2011 was one of the most volatile years on record. In the fourth quarter, the S&P 500 Total Return Index (including dividends) gained 11.82 percent, following a loss of 13.87 percent in the third quarter. For the year, the Index had a gain of 2.11 percent, all of which was attributable to dividends. On a price-only basis the Index had a long, strange trip, ending the year exactly flat … out to two decimal points. (A change, either positive or negative, of one percent or less happens about once every 30 years.)
Daily share swings in the S&P 500 averaged 2.2 percent in August, the most for that month since 1932. The Dow Jones Industrial Average alternated between gains and losses of more than 400 points on four days for the first time ever in August. The S&P moved an average of 1.3 percent a day since April, compared with the 50-year average of 0.6 percent before the collapse of Lehman Brothers in 2008.
Speaking of dividends, income-producing equities were the best performers for the year, including utilities, real estate, consumer staples, health care and energy companies. The Dow Jones Select Dividend Index produced a 12.42 percent return, with these kinds of stocks actually ending the year trading at a premium to the market.
Although US equities on average eked out a positive performance, overall portfolio performances were dragged down for the year by the significant negative returns in international equities. The MSCI EAFE Index (for international developed markets) was down 12.14 percent and the MSCI EEM Index (for emerging markets) was down 18.42 percent for the year. In total, 37 out 45 markets tracked by MSCI posted negative returns. Although the value of the dollar was flat vs. the Euro, some of the losses are attributable to strengthening in the US dollar vs. other currencies. (This demonstrates the double-edged sword of diversification. Sometimes it helps. Sometimes it hurts. But over long time horizons it has proved to be a useful strategy, particularly in relation to managing the market risk required for building long-term wealth.)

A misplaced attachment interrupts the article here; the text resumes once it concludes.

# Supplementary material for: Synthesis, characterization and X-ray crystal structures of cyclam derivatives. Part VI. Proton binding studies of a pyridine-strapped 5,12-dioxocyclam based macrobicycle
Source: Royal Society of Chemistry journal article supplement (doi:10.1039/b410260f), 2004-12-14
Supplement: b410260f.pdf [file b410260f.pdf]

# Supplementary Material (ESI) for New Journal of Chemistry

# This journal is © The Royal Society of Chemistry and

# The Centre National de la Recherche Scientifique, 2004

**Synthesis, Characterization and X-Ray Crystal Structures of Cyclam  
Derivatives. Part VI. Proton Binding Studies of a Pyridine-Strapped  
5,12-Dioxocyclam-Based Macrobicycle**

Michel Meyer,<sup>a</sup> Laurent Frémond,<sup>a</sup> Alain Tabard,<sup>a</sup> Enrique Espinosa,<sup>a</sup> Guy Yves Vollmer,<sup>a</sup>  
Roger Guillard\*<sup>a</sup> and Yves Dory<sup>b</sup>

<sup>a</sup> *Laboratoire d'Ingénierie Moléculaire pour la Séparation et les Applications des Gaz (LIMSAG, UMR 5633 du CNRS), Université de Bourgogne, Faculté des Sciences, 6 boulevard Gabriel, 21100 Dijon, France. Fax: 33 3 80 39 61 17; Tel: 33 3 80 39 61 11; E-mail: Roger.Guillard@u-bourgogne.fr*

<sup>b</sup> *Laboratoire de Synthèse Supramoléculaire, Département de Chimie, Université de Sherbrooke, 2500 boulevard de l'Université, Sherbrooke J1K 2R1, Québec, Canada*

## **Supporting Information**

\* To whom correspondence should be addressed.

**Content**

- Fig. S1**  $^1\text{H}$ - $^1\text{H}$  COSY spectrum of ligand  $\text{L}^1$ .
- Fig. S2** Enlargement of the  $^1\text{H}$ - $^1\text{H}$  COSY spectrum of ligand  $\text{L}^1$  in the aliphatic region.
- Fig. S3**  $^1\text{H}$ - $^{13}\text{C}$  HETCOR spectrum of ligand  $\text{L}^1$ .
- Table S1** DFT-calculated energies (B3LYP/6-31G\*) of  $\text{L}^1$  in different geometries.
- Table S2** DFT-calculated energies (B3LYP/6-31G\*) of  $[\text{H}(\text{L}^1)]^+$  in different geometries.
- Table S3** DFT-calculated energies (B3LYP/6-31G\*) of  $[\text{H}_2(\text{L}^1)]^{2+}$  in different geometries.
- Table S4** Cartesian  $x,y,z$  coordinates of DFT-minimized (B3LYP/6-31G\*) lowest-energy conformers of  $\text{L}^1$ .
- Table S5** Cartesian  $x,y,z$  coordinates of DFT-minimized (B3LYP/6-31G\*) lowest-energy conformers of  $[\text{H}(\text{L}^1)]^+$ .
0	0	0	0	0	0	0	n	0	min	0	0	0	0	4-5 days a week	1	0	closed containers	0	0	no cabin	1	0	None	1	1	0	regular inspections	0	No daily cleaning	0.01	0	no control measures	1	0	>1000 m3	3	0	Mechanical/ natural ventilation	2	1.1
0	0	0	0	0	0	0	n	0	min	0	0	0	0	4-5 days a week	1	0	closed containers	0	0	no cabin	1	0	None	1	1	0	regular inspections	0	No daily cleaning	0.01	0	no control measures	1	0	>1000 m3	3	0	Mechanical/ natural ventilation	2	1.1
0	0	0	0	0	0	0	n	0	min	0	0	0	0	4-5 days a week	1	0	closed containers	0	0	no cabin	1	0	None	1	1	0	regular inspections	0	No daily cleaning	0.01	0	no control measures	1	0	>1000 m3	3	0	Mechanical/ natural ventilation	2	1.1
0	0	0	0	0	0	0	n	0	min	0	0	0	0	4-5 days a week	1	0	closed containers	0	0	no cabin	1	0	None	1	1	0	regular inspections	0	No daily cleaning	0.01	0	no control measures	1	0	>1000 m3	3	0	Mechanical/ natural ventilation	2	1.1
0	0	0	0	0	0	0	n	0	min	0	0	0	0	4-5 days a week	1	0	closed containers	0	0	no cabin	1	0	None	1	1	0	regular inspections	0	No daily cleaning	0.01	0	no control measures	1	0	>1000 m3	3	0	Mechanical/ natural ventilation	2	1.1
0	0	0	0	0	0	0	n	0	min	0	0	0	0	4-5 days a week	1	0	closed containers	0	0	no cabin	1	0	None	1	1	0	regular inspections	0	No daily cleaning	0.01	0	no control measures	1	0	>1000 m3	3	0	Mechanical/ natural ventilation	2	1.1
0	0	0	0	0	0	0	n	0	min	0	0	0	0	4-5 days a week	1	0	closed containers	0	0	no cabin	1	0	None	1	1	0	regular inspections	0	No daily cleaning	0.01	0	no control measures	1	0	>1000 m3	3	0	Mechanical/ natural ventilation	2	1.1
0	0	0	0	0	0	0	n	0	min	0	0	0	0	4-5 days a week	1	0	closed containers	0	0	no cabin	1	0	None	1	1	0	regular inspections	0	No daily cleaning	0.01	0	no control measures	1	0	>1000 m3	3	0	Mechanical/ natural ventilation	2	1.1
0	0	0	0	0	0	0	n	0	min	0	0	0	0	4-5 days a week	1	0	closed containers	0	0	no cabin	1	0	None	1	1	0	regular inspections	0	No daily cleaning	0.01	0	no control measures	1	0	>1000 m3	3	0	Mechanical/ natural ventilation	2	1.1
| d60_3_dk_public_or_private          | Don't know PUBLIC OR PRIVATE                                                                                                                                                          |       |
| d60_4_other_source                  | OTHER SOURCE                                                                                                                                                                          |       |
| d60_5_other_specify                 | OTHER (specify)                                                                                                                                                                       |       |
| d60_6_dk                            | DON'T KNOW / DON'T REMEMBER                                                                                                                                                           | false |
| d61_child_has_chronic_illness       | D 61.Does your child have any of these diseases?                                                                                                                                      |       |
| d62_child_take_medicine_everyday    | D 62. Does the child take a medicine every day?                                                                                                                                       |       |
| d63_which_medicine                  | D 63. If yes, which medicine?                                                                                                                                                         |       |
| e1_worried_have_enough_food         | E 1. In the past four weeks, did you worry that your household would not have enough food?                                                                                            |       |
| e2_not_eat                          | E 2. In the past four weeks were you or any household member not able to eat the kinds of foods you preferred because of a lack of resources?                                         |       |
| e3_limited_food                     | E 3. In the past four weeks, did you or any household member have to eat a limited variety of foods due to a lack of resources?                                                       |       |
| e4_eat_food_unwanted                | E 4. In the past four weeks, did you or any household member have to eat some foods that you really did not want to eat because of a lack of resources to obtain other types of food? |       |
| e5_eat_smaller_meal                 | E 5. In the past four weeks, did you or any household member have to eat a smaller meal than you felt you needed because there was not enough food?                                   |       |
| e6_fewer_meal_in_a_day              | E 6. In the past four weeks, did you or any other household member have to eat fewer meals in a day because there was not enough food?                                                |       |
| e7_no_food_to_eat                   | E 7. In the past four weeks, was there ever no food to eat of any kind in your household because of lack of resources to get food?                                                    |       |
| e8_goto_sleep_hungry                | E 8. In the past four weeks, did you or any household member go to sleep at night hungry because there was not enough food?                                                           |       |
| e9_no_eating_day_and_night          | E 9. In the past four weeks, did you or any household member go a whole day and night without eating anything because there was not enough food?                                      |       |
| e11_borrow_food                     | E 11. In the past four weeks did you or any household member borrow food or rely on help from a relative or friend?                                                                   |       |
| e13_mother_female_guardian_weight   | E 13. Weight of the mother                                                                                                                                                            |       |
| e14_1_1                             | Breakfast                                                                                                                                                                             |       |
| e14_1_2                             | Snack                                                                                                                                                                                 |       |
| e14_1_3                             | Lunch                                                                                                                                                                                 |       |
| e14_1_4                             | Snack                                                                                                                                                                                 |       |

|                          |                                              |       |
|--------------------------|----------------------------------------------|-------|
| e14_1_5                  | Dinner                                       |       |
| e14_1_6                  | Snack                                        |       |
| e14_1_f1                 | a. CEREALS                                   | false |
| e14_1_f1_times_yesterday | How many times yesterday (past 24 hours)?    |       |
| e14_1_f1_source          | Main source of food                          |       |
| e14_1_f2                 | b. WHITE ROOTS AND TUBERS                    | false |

Bonds had another extraordinary year. The Barclays Capital Aggregate Index (for intermediate-term) rose 7.84 percent. Much of the gain was attributable to price appreciation, as the yield on the 10 year Treasury Note fell from 3.75 percent to 1.88 percent. (Movements in bond prices and interest rates have an inverse relationship.) But this can’t go on forever. Eventually interest rates will begin to rise and longer-term bonds will face some head winds.
To borrow a phrase coined by Donald Rumsfeld, these concerns would be properly characterized as “known unknowns”:
Both bullish and bearish cases can be made from the foregoing. Greek mythology (which sure has a long history of survival) is replete with animal hybrids such as the unicorn, centaur, Pegasus and the mermaid. So why not a bull/bear combination for modern investment mythology, representing the equilibrium of market prices? This is why we adopt a strategic asset allocation, acknowledging the powerful outcome of the daily grudge match between these two magnificent animals. If we imagine their combat ensuing along a forward-moving path, we advise investing in the overall movement, rather than betting on any one contender at any given time.
Expect continued volatility as these events play out. It’s impractical if not impossible to time the market by trying to consistently leap out as uncertainty rages, and jump back in once the turbulence subsides. It’s also costly, with academic evidence indicating there will be little if any to show in the end for the added expenses. As Einstein said, “Not everything that can be counted counts and not everything that counts can be counted.”
But that shouldn’t stop us from counting our blessings. We count your continued faith in our services as among our greatest favors. Please be in touch whenever we can assist you in managing your own life challenges and opportunities.